The toxic trifecta: concealed incompetence, high base rates, and rational responses

Here’s an interesting general way in which a group of people can start burning all kinds of utility. Combine:

1. People who are incompetent in some socially useful skill, but whose incompetence is costly for others to determine;

2. A fairly high base rate of #1; and

3. Rational reactions from others.

Two examples.

First, consider (heteronormative, for simplicity) dating. Imagine a world in which there are many more single Gender-As than Gender-Bs, but many of the gAs have serious social skills problems that are costly for gBs to discover but drastically reduce their dating value.

If single gBs in general act like Bayesians, sooner or later after enough bad experiences with no-social-skills gAs, they’ll update their prior on any arbitrary gA’s social skills. Acting rationally, they’ll reject approaches from far more gAs than they would reject otherwise, to economize on the costs of being subjected to poor social skills. Only those gAs who can display a costly signal of good social skills right up-front will succeed. The consequence is that both the gBs and the medium-social-skills gAs (who are datable, but not awesome enough to be able to display costly signals) lose out on opportunities.

Now consider bad drivers. On the road, we take a lot of cues from one another’s behavior — ordinarily, for example, if people slow down or stop, there’s a reason for it, and we can make inferences about those reasons from the behavior. But this information mechanism breaks when there are a lot of incompetent drivers on the road.

So suppose Joey, a competent driver, is in a community with a lot of timid drivers. Ordinarily, if someone in front of Joey stops for no visible reason, s/he’ll infer that there’s some good reason to stop, like a hard-to-see pedestrian crossing the street. But eventually, after observing all kinds of drivers (many in priuses or volvos) stopping for no reason except misfiring synapses in their brains, Joey’s going to update his/her priors and expect that, ordinarily, stopping in this community just means the person in front is incompetent. So Joey, acting rationally and optimizing on his/her time, will swerve around the stopped car. The loss here falls on the pedestrian who is actually there .001% of the time.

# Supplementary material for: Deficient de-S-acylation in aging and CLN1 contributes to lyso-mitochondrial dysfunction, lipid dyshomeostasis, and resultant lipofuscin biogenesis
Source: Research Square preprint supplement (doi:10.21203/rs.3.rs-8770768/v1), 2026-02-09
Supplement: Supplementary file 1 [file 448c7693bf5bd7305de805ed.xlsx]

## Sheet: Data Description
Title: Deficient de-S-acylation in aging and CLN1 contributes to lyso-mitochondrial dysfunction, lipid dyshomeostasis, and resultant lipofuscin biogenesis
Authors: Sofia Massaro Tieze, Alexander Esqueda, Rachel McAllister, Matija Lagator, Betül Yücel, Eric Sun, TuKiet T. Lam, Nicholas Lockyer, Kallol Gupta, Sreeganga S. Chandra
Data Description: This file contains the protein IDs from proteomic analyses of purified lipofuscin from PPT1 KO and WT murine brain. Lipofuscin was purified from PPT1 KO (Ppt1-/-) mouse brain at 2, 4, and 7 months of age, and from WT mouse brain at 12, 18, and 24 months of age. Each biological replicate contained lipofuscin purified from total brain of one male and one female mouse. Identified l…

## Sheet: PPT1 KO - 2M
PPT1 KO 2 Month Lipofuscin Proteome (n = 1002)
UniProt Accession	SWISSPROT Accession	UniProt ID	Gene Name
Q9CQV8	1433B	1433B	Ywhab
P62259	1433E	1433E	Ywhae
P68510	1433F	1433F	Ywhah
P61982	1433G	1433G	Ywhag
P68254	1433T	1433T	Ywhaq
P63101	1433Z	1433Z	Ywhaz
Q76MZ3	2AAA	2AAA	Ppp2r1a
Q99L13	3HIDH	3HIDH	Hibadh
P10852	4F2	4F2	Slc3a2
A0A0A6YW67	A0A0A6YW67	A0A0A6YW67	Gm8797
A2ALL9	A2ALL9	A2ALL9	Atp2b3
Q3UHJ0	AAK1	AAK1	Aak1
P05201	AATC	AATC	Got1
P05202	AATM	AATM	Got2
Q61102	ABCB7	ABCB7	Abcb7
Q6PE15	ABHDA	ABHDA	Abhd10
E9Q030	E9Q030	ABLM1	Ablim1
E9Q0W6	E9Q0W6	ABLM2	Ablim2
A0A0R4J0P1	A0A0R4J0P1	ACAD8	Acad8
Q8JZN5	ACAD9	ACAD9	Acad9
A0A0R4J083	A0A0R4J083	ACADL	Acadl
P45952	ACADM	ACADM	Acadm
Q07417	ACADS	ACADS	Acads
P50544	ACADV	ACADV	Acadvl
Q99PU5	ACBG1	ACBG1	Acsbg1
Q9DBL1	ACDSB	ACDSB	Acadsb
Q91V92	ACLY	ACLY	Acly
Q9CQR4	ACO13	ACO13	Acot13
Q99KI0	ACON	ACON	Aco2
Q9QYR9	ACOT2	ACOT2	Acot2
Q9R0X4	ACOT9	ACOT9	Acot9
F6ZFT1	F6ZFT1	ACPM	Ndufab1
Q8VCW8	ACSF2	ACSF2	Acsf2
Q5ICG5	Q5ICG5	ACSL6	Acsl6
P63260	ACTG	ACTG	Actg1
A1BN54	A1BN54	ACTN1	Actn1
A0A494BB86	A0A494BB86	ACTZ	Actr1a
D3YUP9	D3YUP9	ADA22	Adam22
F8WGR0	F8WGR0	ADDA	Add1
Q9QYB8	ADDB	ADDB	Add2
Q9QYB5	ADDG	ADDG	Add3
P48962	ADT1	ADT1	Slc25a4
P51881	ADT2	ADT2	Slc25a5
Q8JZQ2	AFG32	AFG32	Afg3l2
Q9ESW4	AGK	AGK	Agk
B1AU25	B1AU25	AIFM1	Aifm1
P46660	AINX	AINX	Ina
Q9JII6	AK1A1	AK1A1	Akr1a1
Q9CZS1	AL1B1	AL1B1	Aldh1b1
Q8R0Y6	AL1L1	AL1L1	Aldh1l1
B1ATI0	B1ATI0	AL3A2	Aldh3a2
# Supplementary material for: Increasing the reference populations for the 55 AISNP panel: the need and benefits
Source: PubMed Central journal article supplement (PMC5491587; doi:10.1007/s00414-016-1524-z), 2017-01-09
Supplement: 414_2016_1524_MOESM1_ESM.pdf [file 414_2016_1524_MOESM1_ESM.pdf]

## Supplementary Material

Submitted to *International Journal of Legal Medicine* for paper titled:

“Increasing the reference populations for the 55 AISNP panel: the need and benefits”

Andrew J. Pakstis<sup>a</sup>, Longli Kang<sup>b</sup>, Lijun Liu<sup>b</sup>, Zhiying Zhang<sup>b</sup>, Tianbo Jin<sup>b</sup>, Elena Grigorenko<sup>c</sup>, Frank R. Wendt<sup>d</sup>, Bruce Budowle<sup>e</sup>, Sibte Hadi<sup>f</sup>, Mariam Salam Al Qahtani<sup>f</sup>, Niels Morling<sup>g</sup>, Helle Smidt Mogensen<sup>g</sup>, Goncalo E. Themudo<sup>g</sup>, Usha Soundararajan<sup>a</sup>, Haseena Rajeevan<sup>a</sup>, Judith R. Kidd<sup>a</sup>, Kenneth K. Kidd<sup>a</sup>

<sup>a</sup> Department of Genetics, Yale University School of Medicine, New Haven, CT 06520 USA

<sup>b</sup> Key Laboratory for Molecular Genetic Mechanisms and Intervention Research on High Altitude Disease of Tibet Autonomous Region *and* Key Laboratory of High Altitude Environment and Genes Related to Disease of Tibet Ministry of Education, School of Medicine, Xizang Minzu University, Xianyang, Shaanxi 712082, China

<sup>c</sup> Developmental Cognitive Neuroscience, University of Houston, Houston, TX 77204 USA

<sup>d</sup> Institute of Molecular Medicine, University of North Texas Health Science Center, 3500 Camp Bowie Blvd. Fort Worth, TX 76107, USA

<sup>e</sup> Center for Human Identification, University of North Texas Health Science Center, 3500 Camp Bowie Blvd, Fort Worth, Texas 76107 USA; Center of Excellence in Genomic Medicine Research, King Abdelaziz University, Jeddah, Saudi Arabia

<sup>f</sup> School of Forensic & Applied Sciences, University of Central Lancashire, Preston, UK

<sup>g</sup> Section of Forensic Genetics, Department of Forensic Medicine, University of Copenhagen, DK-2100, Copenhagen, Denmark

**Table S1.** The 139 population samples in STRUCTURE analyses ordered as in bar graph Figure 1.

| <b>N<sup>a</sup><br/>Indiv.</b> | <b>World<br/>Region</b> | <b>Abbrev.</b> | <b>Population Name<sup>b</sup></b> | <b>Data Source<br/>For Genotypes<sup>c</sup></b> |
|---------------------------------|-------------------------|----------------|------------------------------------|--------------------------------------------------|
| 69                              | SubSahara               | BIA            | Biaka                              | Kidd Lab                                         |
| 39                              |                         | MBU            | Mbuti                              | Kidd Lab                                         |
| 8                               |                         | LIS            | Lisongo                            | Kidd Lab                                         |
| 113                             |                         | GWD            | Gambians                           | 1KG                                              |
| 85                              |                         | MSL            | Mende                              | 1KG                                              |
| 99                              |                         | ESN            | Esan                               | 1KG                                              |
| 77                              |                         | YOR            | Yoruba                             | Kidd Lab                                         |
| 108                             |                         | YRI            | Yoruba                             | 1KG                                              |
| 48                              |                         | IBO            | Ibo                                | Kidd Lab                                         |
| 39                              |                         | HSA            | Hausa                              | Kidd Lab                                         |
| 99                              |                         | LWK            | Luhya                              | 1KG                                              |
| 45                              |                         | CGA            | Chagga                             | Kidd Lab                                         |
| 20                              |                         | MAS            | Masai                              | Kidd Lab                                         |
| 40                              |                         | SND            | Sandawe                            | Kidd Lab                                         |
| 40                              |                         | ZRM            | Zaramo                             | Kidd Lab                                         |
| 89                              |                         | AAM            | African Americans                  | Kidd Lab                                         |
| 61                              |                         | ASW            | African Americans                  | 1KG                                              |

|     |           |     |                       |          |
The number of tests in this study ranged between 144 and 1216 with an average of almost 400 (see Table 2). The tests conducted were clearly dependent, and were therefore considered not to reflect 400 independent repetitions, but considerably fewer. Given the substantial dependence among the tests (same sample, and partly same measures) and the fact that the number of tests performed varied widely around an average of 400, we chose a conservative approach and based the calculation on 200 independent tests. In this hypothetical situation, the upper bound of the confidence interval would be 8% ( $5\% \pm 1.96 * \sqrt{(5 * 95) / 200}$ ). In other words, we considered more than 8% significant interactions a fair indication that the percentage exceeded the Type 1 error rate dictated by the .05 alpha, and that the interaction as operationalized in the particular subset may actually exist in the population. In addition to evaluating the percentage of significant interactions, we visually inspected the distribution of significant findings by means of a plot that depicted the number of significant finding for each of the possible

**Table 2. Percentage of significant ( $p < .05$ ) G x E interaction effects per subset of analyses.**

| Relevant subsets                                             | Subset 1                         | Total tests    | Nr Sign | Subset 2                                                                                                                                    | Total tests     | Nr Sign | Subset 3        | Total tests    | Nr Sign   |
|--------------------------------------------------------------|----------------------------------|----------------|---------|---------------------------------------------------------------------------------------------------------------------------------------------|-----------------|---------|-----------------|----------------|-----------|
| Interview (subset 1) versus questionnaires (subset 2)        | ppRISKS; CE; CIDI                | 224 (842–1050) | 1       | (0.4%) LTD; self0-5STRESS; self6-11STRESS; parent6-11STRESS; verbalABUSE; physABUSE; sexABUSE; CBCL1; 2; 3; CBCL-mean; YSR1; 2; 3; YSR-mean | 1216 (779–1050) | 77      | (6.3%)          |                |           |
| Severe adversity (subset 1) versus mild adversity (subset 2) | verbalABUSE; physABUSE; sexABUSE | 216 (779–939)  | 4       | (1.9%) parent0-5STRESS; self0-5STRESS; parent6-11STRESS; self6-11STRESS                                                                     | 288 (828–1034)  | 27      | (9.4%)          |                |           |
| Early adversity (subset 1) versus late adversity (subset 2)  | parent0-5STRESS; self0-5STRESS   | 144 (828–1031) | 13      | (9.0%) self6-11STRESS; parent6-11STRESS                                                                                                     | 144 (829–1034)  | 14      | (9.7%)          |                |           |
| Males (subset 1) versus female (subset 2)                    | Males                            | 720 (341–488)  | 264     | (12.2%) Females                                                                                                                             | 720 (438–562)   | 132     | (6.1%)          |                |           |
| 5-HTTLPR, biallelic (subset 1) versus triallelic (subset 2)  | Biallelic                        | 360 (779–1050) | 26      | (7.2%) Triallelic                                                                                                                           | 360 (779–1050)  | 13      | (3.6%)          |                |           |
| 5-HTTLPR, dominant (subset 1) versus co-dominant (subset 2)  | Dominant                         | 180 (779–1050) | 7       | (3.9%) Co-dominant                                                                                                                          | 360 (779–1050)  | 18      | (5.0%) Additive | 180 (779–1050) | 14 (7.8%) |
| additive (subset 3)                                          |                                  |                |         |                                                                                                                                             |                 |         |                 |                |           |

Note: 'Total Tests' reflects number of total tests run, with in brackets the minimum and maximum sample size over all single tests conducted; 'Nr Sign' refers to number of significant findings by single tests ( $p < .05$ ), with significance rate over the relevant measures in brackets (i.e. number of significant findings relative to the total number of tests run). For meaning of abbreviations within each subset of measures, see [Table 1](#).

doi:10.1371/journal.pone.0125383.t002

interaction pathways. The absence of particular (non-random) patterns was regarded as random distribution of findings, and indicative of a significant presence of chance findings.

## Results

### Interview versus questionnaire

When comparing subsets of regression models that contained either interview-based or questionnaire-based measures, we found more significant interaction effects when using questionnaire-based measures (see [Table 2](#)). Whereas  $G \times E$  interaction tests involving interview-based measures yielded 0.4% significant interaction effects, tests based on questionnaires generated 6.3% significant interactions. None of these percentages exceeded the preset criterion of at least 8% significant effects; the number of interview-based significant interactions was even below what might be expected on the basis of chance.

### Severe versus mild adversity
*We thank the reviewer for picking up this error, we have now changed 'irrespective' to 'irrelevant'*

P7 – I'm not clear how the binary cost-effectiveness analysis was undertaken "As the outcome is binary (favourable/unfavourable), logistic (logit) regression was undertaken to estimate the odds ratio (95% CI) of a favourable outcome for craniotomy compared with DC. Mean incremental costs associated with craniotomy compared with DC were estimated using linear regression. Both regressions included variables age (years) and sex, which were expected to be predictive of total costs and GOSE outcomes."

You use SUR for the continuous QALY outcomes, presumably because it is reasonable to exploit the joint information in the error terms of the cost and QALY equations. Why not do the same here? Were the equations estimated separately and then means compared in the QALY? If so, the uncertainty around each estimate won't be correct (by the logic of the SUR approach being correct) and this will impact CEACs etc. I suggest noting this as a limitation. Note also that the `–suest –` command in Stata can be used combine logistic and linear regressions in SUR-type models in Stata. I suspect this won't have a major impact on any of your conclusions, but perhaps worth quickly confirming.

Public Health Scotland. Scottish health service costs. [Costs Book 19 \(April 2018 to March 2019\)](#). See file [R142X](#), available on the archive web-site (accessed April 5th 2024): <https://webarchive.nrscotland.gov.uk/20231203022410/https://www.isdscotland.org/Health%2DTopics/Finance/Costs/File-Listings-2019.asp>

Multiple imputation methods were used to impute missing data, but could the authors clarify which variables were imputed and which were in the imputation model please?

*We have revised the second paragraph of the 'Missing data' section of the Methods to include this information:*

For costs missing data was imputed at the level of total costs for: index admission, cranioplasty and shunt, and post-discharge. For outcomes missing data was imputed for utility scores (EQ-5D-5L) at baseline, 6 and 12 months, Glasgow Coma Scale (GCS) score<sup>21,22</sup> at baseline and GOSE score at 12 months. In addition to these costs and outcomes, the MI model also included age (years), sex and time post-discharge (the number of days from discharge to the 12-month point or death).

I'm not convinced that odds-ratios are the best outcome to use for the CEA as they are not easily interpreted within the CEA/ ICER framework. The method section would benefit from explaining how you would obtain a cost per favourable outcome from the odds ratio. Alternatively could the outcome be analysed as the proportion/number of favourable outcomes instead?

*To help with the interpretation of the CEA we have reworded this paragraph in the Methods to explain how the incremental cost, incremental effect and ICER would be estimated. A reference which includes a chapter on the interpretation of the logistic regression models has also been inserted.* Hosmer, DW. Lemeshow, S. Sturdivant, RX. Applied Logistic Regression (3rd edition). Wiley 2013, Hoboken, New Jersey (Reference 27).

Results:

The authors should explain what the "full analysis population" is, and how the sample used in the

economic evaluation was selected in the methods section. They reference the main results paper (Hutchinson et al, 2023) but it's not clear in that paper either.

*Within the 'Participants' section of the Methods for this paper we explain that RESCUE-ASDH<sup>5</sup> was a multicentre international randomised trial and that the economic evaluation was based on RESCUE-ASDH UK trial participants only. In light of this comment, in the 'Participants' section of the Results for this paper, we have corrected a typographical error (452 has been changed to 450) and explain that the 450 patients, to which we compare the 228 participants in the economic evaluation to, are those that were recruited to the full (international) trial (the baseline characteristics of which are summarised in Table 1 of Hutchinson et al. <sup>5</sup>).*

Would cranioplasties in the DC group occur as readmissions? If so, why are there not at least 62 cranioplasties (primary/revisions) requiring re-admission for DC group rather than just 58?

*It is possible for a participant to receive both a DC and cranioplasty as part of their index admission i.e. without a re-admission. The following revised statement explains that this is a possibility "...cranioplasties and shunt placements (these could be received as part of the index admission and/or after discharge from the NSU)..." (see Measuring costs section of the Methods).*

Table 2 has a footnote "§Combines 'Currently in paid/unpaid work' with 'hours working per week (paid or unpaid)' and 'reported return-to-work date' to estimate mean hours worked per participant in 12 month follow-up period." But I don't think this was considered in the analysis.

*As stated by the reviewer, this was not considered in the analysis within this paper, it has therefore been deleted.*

How to deal with this general kind of problem? In the abstract, the best way I can see is to encourage the proliferation of reliable signals of competence and incompetence. Perhaps, for example, timid drivers ought to be identified and made to wear special tags on their cars… obviously not a serious suggestion (if only because sometimes even the timid drivers stop for an actual pedestrian, and the tags would mean all such pedestrians get run over), but something like that…

(Third example: job markets where applicants have private information about their own deficiencies…)


One Response to “The toxic trifecta: concealed incompetence, high base rates, and rational responses”

  1. kelsey Says:

    one problem i see with your post is that you are putting all competence/incompetence on the other, and not taking responsibility for yourself.

    if you, rationally, as you put it, swerve around a driver and run over a pedestrian, you are incompetent.

    don’t mistake your misanthropy for wisdom.

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